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Nintendo, Apple, And Sony Have Been Ordered To Let You Fix Your Stuff

Nintendo, Apple, And Sony Have Been Ordered To Let You Fix Your Stuff
From Uproxx - April 11, 2018

Nintendo has them. iPhones have them, and they have special screws to thwart it to boot. In fact, probably every device you own has a sticker on it claiming that once the sticker is broken, any warranty you have on your device is null and void. If youve ever wondered why thats legal, the Federal Trade Commission has an answer: It isnt, and its going after companies that try to keep you from fixing your stuff.

At the center of this is the right to repair. You probably dont realize this when you buy something, but legally speaking, in many senses you do not actually own the stuff you buy in the sense that you have total control of it. The iPhone is a great example; in order to get your iPhone fixed, and keep your warranty, you have to go through Apple, either by sending your phone away or going to an Apple Stores Genius Bar. Think about this compared to other expensive stuff you own, like your car. Imagine having to return to the dealership whenever you needed an oil change or to fix the cupholder. Thats more or less what Apple, Nintendo, and a host of others expect you to do.

Needless to say, for companies, this gives them a big advantage. If you want to keep your warranty, you have to go through them. That means not only do they get to dictate how, and if, your stuff is fixed, they can also charge you whatever they want. You also cant get a second opinion on whats ailing your game console or phone, and you cant shop around to compare prices. And in some cases, this is baked right into the companys bones: Apple is famous for a closed architecture philosophy where it tightly controls hardware and software, a policy thats gotten it in trouble with the government in the past.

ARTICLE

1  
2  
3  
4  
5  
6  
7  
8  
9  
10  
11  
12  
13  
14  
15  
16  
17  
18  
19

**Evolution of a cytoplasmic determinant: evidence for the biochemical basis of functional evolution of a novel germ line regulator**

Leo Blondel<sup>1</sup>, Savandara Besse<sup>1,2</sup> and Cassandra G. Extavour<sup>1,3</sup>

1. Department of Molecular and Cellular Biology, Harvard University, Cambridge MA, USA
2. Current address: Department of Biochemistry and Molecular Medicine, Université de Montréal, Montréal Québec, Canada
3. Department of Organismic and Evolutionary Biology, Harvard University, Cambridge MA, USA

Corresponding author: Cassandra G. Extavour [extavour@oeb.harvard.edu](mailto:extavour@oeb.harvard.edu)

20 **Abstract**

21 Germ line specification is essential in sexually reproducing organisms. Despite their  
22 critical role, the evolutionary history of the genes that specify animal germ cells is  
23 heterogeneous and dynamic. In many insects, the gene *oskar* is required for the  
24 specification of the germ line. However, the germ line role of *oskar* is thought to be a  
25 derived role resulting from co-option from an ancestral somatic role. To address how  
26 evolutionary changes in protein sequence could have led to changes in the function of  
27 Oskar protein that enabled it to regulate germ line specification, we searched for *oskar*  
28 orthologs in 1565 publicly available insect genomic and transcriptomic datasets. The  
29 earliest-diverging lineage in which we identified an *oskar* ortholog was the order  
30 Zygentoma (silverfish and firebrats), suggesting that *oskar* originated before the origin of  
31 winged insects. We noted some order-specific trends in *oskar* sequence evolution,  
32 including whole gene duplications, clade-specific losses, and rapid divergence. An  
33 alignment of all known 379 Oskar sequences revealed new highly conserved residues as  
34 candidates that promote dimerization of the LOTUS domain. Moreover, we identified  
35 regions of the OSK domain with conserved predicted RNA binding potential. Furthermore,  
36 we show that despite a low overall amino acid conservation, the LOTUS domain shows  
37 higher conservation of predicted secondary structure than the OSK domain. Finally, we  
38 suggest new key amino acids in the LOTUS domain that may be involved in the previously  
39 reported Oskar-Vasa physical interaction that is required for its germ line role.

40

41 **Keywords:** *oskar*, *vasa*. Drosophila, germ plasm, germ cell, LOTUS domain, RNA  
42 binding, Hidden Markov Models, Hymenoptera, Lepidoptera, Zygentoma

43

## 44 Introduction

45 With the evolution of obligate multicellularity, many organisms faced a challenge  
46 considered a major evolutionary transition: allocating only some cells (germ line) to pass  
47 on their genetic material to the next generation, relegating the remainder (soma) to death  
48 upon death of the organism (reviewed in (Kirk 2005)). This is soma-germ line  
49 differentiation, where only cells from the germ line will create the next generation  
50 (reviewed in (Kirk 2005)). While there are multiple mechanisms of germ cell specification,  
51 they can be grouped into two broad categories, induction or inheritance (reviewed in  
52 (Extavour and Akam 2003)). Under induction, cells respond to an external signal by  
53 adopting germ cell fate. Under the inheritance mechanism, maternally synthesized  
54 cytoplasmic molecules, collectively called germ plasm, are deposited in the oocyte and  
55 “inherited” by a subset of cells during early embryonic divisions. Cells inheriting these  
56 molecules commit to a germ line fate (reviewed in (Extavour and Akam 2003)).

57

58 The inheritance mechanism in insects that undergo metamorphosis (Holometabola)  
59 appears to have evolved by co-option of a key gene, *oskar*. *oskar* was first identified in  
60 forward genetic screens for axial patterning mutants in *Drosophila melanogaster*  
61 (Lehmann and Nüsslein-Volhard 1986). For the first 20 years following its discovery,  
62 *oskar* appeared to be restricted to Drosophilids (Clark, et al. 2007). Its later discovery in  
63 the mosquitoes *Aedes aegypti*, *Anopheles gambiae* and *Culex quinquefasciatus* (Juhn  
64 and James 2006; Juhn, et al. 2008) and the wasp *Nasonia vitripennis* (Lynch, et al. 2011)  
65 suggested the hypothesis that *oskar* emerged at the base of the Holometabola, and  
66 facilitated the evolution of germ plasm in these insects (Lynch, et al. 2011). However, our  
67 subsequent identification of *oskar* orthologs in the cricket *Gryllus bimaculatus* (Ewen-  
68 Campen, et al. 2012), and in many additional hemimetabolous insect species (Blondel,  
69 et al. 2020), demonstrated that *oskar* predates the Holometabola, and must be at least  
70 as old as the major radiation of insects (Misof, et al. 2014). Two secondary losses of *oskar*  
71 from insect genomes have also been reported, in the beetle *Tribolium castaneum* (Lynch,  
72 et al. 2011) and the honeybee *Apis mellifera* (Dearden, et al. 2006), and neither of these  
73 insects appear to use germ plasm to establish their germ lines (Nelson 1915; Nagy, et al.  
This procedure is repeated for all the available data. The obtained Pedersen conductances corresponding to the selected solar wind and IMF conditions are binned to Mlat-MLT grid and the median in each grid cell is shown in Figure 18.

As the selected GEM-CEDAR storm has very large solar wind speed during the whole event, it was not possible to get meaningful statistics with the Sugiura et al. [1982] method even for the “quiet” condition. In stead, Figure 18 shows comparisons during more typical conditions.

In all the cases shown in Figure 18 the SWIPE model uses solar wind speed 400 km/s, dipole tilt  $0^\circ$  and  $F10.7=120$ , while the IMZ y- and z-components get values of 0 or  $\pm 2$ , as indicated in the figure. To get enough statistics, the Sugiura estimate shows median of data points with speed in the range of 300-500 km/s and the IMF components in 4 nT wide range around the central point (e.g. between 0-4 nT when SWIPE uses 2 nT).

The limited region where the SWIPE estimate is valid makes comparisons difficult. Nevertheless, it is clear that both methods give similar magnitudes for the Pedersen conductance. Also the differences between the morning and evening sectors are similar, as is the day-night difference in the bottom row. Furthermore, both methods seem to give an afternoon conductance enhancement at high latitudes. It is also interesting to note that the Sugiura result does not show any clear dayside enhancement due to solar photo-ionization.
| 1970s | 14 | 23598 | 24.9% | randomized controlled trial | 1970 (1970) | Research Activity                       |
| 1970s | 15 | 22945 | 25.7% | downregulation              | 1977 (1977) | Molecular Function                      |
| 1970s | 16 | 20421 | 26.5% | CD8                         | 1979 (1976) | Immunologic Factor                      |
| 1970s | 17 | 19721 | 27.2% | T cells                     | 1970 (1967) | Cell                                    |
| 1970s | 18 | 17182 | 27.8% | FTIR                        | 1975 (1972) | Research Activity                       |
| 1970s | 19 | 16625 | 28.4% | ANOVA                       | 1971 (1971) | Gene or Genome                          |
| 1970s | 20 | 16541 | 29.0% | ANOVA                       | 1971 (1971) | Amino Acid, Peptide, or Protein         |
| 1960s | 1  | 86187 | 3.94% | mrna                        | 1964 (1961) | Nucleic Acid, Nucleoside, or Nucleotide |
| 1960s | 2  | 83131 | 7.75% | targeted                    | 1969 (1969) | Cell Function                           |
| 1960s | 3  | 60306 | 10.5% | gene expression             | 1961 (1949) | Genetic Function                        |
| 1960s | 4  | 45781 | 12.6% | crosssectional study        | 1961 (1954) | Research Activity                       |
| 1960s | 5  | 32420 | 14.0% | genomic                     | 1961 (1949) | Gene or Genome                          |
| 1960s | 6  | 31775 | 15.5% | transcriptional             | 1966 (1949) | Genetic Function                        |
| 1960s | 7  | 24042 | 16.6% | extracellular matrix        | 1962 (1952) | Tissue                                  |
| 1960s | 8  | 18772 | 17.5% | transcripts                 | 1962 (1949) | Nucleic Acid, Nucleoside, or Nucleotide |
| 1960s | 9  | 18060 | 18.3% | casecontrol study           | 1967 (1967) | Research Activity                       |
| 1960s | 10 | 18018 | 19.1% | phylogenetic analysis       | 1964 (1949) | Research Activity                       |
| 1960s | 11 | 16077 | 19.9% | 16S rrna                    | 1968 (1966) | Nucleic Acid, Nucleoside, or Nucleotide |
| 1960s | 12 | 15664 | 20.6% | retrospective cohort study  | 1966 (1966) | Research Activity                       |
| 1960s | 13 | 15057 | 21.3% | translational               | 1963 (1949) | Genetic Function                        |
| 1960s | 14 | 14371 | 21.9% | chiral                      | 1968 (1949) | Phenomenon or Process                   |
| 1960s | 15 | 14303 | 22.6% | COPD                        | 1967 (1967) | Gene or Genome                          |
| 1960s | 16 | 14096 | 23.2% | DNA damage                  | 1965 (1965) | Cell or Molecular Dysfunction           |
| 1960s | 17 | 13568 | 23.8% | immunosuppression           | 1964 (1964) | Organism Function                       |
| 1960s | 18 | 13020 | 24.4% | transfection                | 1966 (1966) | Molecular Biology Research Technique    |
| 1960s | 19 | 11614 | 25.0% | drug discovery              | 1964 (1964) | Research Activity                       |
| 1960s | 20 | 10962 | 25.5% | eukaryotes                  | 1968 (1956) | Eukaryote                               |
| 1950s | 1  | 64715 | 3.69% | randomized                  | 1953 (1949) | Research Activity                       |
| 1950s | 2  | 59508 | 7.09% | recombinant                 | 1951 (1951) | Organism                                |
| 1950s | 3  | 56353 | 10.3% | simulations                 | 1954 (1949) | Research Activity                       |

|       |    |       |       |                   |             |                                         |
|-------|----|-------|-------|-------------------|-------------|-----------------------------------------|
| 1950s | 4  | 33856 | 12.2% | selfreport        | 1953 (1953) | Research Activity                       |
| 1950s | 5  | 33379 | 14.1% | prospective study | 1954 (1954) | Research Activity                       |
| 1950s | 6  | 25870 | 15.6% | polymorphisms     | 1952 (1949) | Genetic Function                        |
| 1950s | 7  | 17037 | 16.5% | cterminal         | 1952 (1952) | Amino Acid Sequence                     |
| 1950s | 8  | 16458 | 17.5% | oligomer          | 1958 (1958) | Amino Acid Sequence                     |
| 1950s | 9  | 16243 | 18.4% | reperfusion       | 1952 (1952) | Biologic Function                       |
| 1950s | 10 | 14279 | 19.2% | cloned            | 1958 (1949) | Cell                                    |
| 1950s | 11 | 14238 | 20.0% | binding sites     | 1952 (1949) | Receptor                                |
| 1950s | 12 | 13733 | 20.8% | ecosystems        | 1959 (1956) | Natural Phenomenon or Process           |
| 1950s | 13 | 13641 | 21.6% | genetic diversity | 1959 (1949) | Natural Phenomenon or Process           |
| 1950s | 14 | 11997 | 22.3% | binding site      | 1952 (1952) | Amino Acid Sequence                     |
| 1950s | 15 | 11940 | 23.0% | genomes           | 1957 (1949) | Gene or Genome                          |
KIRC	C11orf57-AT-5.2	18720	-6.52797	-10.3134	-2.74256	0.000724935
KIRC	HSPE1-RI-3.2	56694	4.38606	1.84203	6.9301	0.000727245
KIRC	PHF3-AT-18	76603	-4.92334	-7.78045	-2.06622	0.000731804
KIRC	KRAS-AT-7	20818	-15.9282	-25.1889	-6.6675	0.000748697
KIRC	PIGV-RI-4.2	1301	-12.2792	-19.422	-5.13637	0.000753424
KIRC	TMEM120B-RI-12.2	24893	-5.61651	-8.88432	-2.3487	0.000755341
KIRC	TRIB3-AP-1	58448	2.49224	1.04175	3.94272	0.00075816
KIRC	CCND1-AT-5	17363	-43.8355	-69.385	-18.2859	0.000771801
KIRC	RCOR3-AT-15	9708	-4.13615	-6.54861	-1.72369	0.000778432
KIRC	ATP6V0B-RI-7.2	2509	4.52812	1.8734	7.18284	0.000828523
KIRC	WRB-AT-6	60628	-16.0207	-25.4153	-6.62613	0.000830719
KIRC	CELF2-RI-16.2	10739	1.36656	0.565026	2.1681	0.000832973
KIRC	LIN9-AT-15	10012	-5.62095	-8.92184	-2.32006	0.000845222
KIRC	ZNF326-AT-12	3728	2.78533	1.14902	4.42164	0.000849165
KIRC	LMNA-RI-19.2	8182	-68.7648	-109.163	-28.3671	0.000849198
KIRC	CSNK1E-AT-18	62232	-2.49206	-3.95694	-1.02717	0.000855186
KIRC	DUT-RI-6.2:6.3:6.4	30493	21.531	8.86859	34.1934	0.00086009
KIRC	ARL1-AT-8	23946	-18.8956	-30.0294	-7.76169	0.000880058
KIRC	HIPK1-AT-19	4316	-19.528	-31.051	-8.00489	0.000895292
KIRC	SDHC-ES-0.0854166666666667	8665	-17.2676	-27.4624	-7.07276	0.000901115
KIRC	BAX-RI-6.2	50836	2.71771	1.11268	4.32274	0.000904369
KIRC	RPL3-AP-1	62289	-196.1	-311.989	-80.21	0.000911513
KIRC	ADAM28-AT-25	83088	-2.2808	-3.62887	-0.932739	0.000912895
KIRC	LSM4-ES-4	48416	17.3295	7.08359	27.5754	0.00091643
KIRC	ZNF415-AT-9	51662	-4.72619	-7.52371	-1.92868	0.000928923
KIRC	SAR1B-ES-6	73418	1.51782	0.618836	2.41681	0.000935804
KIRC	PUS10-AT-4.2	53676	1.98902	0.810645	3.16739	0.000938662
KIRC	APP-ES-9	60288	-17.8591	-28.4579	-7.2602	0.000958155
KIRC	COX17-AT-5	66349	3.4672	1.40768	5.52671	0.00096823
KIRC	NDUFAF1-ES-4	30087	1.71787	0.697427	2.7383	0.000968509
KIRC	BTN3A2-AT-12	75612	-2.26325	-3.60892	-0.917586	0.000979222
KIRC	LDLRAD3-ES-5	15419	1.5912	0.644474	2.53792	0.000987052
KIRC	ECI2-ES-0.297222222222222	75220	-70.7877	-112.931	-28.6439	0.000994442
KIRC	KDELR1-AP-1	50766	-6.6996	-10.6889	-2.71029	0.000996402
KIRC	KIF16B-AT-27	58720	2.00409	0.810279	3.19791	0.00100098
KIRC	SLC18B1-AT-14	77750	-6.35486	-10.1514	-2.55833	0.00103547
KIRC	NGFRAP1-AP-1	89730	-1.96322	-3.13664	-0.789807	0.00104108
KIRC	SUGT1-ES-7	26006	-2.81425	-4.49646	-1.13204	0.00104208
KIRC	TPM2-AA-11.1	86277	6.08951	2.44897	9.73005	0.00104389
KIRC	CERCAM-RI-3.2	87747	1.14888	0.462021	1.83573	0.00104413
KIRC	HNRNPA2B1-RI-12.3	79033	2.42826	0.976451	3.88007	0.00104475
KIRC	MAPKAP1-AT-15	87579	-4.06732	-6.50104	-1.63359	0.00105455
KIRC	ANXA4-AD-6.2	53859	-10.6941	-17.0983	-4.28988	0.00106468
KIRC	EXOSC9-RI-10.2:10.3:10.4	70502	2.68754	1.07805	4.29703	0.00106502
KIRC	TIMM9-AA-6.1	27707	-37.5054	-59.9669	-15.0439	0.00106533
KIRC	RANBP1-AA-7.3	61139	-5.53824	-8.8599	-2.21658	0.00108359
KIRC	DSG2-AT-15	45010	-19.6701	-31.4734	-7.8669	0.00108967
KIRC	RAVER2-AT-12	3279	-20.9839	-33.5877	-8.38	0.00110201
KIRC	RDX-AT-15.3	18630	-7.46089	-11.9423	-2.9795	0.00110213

This has led to a years-long campaign, spun off from one in Massachusetts to allow anybody to fix their own car, to give electronics owners and third-party shops the ability to fix game consoles, phones, and other electronics without voiding the warranty. And, according to Ars Technica, the right to repair side just scored a major victory against the electronics industry:

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